I admit I was overwhelmed yesterday as I began to see a string of #MeToo posts on Facebook — from women I know, women I’m related to, and a few other women that I don’t know in real life but who have befriended me on social media. I was simultaneously proud of them for speaking up and devastated to learn the sheer number who have suffered.
In case you’re living off the grid and haven’t yet heard of this, here’s a bit of background. Popularized by Alyssa Milano’s tweet Sunday afternoon, posting “me too” or #MeToo to social media has spread like wildfire. Milano’s tweet contained this text:
Tens of thousands responded to her tweet with the requested two words. Others posted on their own accounts. This all came about as a response to the sexual misconduct allegations against movie producer Harvey Weinstein and the resulting conversations.
And then I began seeing the #ItWasMe hashtag. First, from women who posted things like: “Just remember, for every #MeToo you see, there is a corresponding #ItWasMe story that needs to be told” (example). And then guys began posting #ItWasMe stories (example).
It’s an interesting social phenomenon, which I find far more helpful than most social phenomena. Are some people posting purely to seek attention? Possibly. Are a bunch of people going to misunderstand in some way? Sure. Is it going to reach the people it needs to reach? I don’t know.
As a natural pessimist, I really want to be optimistic about social media trends like this. At least it’s not a dog sprawled on a sofa with his junk clearly in the photo. At least it’s not a poorly spelled/punctuated meme about an untrue historical fact. At least it’s not a complaint about some inane part of every day life (“Mondays! Amirite?”) At least it’s not another story about some racist cop in Verdigris, Okla., who doesn’t understand he’s the reason NFL players are kneeling during the national anthem.
Will it change anything? We might be surprised. Things are already changing. Weinstein was fired almost immediately after the allegations became public and his former company is struggling because of it. Public figures like Ben Affleck, who initially condemned Weinstein publicly, ended up having to apologize for their own past behavior.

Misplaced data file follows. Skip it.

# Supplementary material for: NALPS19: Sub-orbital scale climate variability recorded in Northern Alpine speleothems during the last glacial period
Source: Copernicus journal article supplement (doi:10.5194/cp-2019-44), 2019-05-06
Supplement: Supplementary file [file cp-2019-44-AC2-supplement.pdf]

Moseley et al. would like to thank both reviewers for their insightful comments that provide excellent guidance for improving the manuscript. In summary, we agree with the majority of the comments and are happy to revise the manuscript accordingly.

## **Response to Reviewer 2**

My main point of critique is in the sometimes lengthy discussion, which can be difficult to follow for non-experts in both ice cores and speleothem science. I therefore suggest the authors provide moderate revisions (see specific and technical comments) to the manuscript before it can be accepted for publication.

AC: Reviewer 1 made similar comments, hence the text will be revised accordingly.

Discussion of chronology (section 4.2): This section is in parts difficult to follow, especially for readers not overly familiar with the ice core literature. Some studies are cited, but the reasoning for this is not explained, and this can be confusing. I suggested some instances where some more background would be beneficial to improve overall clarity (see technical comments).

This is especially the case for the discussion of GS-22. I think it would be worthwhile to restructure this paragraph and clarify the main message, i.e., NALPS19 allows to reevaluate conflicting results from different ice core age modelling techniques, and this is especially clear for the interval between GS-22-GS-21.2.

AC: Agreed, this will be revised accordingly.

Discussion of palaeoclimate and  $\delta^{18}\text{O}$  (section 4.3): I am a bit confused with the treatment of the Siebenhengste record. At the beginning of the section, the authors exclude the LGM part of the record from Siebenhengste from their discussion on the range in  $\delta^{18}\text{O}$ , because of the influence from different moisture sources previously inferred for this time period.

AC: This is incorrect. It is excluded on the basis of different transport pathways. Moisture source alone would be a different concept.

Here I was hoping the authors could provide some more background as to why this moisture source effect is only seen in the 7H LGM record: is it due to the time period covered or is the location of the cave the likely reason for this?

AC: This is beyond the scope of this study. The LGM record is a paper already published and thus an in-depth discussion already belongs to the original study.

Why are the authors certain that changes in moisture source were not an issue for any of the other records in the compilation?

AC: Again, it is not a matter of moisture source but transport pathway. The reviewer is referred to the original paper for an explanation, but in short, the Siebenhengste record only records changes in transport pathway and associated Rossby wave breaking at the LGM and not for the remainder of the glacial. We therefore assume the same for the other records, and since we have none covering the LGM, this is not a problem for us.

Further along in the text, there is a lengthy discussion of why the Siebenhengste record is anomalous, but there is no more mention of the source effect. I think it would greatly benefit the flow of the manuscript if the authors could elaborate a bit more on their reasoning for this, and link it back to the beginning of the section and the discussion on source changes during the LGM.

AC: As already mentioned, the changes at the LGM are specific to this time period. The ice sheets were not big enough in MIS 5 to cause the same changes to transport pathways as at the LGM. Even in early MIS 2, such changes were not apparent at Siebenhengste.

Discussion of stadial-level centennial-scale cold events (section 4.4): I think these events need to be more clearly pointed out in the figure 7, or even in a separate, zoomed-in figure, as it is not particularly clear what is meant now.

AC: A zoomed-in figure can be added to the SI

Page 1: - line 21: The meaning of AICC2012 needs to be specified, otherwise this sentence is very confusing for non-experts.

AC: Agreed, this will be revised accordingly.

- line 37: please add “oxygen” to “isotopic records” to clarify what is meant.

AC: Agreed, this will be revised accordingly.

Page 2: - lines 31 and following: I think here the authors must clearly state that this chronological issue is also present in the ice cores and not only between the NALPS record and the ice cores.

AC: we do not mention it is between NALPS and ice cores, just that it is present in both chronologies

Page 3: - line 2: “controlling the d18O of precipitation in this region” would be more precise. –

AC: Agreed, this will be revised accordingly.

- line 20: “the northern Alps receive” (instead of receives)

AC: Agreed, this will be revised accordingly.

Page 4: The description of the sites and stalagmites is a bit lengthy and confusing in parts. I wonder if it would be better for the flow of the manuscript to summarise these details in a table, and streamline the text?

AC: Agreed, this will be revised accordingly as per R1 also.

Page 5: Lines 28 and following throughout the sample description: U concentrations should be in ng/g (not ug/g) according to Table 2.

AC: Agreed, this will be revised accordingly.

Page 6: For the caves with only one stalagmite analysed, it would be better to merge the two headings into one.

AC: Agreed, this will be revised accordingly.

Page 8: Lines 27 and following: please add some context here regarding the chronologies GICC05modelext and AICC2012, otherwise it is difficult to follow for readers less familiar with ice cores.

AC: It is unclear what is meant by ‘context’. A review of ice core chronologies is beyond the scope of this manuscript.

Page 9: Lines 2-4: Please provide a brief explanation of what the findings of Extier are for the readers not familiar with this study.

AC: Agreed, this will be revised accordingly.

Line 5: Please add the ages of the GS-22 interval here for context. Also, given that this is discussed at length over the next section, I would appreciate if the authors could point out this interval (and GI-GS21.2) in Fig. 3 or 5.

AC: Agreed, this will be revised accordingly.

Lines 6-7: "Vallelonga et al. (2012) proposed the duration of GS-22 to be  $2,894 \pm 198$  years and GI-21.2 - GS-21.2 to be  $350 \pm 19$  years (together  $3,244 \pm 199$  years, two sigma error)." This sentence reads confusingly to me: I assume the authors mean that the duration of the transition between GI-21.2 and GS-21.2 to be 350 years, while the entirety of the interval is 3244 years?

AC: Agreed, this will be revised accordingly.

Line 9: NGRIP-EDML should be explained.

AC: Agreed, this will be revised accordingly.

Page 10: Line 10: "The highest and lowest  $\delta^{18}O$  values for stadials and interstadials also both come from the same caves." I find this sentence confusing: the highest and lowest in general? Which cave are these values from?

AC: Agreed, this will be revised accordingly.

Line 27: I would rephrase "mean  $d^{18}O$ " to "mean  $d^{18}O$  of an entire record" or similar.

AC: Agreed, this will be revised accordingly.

Initially, conservatives squealed with glee that most of the affected were liberals and they began posting all manner of haughty condemnations. Some of them have quickly shut back up after it became obvious that: (1) Liberals have long condemned the behavior, (2) Liberals called for Weinstein to be fired, (3) Conservatives elected Donald Trump president, despite more than a dozen such allegations against him.
But, as a man, I would be remiss to simply recount these tales from the news and social media if I didn’t bring up my own behavior. And I will do that now.
* I have behaved wrongly toward women, both in social situations and in the work place.
* I have said things to women that fit many definitions of sexual harassment.
* I did not always understand consent.
* I rarely spoke up when I witnessed others harassing women.
* I hesitated to believe women who told me it happened to them.
I was wrong and I am sorry. I am sorry for what I did and said on multiple occasions, and I am sorry that I was silent when I should have spoken up.
I won’t make excuses about the culture of toxic masculinity, or the way my former religion devalues women, or about being young and hormonal. Those might all have contributed, but they can never excuse. I alone bear the responsibility for my words and my actions.
We men can be better. I can be better. I think I am better now, but I’m under no illusions that I’m perfect in this regard. Getting better is a process that doesn’t end.
A year ago, I took the pledge, and I reaffirm that pledge today: